Misaligned ChromeModern car purchasing has changed dramatically from the traditional methods. Online purchasing and a shift towards buying classic cars as investment pieces has made the process both more convenient and more open to misuse.
The FBI and the US Attorney for the Southern District of New York recently uncovered a $4.5 million fraud ring that involved classic cars, indicting 25 defendants for running a nationwide scheme posting fake classic cars for sale online. Victims of the ring would respond to ads online and then be directed to shell corporations to pay for a car they would never receive. In most cases, the money lost was never recovered, and some victims were left with no choice but to continue to pay auto loans without ever receiving a car.
Door Panel WearAAG’s professional inspection process has exposed fraudulent sellers in the past. Dishonest sellers won’t return calls when they discover we’ve been asked to complete an inspection. Or, agents have arrived at the address given by the seller to find empty lots and no cars for sale.
With the convenience of one-click shopping and online auctions comes the need to do your homework: the best way to protect yourself when buying a car is a pre-purchase inspection from a trusted and certified professional.
1959 Cadillac FinsYou may be asking yourself “Do I need a pre-purchase inspection? I can probably go look at the car myself.” An experienced inspector can be your eyes and ears and will provide a detailed report that documents the vehicle’s condition. A professional pre-purchase inspection should include a market value consultation based upon the vehicle’s condition and documented history. An inspection can save you the cost and time of travel should you decide this vehicle is not the one that you want to purchase.
Make sure your pre-purchase inspection agent has been certified, and check to make sure they also provide the following:
• The opportunity to speak with your inspection agent before and after the inspection in case you have questions.
• A copy of the title or registration, pertinent receipts and information should be provided to the inspector by the seller.
• Documentation of all parts of the inspection, including notes on condition, originality, test ride results and paint gauge readings.
• Detailed photographs that provide first-hand evidence of the car’s complete condition, inside and out. Don’t rely on the seller’s photos alone.
• Data tag and vehicle identification numbers should be documented and decoded.
• Ask if your pre-purchase inspection company can provide a certified appraisal for insurance or bank loan purposes if you decide to purchase the vehicle.
• A value consultation with the master appraiser should be included. AAG utilizes its centralized database along with 30 years of experience to determine an accurate market value for the vehicle.
Under trunk matPre-purchase inspections often uncover areas of concerns that may give you room to negotiate with the seller’s asking price.
Find an agent who is located near the vehicle in need of a pre-purchase inspection. AAG agents are located nationwide, allowing you to get a pre-purchase inspection promptly.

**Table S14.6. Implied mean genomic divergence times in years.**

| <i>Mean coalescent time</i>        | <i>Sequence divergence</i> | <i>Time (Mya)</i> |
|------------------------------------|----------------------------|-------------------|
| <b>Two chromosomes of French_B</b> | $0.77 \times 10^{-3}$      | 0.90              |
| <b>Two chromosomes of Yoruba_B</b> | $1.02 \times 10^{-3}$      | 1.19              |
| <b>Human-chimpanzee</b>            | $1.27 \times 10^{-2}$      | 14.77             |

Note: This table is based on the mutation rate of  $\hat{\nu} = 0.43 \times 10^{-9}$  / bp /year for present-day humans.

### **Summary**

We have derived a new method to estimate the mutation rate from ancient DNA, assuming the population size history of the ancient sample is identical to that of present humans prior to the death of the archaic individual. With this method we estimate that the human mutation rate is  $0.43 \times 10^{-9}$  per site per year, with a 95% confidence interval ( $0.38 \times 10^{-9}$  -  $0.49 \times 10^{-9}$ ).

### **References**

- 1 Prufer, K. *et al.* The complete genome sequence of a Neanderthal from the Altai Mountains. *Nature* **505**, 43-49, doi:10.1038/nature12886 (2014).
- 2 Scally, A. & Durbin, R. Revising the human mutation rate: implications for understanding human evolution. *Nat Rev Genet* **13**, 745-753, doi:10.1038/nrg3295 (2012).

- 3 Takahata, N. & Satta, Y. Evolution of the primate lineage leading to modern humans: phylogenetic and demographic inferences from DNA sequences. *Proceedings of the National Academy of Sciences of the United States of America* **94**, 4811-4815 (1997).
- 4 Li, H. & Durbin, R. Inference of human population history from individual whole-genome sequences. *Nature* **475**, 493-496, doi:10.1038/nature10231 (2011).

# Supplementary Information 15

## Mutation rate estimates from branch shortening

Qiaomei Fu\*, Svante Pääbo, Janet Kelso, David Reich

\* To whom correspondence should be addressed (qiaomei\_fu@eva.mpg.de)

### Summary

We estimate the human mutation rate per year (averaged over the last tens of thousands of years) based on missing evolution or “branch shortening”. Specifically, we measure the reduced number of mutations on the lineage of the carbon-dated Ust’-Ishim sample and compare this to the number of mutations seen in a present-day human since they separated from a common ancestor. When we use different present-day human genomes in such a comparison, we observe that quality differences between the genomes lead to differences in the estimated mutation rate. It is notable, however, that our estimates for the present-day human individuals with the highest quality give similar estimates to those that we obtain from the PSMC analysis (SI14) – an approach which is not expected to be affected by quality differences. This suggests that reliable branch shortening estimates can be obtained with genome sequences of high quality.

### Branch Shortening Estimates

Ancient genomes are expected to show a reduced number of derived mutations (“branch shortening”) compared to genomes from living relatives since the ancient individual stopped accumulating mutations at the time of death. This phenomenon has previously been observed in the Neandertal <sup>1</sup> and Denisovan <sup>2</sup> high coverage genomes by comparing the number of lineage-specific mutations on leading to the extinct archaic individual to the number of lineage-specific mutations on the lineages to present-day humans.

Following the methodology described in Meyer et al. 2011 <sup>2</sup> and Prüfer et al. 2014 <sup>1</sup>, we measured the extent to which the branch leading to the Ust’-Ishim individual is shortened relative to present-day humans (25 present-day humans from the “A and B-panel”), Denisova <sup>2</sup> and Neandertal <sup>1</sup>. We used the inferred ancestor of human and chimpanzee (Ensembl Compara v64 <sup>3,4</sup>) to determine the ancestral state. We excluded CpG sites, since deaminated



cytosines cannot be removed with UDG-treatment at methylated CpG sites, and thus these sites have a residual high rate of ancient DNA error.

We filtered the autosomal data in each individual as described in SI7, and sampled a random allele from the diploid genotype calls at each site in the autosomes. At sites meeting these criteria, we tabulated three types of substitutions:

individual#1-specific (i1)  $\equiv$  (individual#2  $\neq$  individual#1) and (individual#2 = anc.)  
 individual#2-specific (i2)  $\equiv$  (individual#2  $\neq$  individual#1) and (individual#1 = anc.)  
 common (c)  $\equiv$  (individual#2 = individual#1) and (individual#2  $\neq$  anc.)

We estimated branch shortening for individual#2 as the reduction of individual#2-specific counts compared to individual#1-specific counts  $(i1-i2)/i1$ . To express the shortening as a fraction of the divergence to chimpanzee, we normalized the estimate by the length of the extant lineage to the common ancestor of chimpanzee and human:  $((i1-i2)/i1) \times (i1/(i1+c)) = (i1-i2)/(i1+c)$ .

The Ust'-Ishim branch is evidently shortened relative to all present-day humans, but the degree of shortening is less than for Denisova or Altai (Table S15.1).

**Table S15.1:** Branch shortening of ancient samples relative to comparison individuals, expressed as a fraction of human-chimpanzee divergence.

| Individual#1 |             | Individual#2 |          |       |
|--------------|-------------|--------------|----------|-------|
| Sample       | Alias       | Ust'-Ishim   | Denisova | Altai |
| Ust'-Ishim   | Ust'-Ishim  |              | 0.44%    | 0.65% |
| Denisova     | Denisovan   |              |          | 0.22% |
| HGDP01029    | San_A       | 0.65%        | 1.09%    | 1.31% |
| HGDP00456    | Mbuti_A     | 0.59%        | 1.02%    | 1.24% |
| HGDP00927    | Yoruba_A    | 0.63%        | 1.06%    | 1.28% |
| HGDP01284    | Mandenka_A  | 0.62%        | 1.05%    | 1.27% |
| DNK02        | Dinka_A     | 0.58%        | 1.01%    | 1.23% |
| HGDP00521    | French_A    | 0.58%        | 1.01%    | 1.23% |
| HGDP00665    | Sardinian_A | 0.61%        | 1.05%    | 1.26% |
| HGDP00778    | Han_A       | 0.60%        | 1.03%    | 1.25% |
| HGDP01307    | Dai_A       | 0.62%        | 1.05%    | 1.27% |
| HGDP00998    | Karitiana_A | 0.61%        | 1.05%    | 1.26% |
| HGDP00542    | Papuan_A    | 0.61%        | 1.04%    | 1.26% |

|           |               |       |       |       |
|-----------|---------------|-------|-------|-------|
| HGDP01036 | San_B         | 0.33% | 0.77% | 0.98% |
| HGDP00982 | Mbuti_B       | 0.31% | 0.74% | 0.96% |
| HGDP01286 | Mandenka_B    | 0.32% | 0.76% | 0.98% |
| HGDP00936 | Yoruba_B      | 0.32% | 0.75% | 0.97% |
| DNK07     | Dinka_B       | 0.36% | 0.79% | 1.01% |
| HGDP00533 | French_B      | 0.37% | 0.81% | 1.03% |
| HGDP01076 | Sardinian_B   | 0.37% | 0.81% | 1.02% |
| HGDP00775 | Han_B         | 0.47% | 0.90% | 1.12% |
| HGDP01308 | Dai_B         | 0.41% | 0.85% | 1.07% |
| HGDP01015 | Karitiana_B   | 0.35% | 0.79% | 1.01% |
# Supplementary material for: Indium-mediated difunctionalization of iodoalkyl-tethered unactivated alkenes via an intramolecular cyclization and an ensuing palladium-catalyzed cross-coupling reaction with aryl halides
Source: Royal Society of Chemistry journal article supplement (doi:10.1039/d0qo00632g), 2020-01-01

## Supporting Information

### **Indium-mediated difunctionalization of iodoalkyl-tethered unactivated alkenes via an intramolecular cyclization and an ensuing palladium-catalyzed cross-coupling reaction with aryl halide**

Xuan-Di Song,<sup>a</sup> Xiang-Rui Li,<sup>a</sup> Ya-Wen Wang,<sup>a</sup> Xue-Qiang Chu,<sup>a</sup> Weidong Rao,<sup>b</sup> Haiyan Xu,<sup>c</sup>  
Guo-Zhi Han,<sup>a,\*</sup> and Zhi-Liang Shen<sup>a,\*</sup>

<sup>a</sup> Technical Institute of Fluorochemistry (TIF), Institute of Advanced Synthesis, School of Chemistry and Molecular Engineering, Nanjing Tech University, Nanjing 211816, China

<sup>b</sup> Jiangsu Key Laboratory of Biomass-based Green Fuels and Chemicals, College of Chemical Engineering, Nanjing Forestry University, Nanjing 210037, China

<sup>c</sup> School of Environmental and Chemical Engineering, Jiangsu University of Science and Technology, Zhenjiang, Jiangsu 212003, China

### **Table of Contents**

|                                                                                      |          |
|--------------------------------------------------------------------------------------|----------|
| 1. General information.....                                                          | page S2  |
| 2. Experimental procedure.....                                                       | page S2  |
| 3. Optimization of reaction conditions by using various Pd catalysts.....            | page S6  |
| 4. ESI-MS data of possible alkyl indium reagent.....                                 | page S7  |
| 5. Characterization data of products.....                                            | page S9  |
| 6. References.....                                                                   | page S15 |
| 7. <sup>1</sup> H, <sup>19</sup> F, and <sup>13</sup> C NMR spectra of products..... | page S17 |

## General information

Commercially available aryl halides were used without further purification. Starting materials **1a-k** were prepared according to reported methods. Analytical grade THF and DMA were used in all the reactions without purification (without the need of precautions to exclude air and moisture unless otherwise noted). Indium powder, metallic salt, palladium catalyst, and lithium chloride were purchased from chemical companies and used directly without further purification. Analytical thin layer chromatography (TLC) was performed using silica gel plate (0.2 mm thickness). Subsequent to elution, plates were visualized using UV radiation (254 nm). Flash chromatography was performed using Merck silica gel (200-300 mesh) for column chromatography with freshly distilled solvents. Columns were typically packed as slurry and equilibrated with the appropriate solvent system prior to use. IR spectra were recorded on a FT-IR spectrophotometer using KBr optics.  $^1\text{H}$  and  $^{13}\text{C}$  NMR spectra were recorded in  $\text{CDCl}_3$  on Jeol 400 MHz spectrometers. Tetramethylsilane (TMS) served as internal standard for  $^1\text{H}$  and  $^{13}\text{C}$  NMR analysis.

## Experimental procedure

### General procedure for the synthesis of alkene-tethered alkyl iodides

Lola CockpitIt is best to hire an inspector from an independent service, not one affiliated with selling or brokering cars. Pre-purchase inspection agents should work for you, rather than working to their own or the seller’s benefit.
Before you buy your next classic car, antique car or any other type of vehicle, have an independent pre-purchase inspection completed by an experienced, tested and certified AAG agent. AAG’s pre-purchase auto inspection service gives you the confidence to buy or walk away.
Read more about the case behind this article here.
So you’ve decided to get your car appraised. Understanding how the car appraisal process works can help you to find the right appraiser and get the most out of your appraisal.
A vehicle appraisal is a written estimate of the current value of the car based on the experience and training of the appraiser and current market trends. Appraisals are usually performed when a vehicle is bought, sold, or insured, and by collectors and hobbyists. An appraisal is also useful for determining the tax value of a donation, in estate cases, or in legal disputes after an accident.
An appraisal will generally cost between $75 – $500. It may be tempting to choose the least expensive appraiser available, but the cheapest appraisals may be performed by inexperienced appraisers and produce inaccurate results. A standard appraisal should include:
– Date and location of the inspection
– Date the valuation is established
– A full, detailed description of the vehicle
– Methods used to establish a value
– Purpose of the appraisal
– Description of the appraiser’s qualifications including certifications
– Appraiser’s signature and physical address
If your car or vehicle is involved in a legal dispute or insurance claim, you may want the appraiser to provide expert testimony. This will incur additional charges.
Before your vehicle is appraised, it’s best to clean, wash and wax the vehicle and be sure that all basic maintenance has been completed (oil changes, fill all fluids, new filters). Be sure there is enough gas to take the appraiser on a test ride.
A certified value appraisal should include an onsite inspection of each auto by a certified agent. This inspection should include photographs of the vehicle and the agent should also gather pertinent historical information as available from the owner. A master appraiser should review all research and valuations, preferably with a centralized database at hand to ensure consistency.
A properly performed appraisal done by a certified, experienced agent is always your best choice. An accurate estimate from a trained professional allows you and others to get the best value from your vehicle.
Interested in a Car Appraisal for your vehicle, or for a potential buy? Check out AAG’s Vehicle Appraisals and call us to schedule!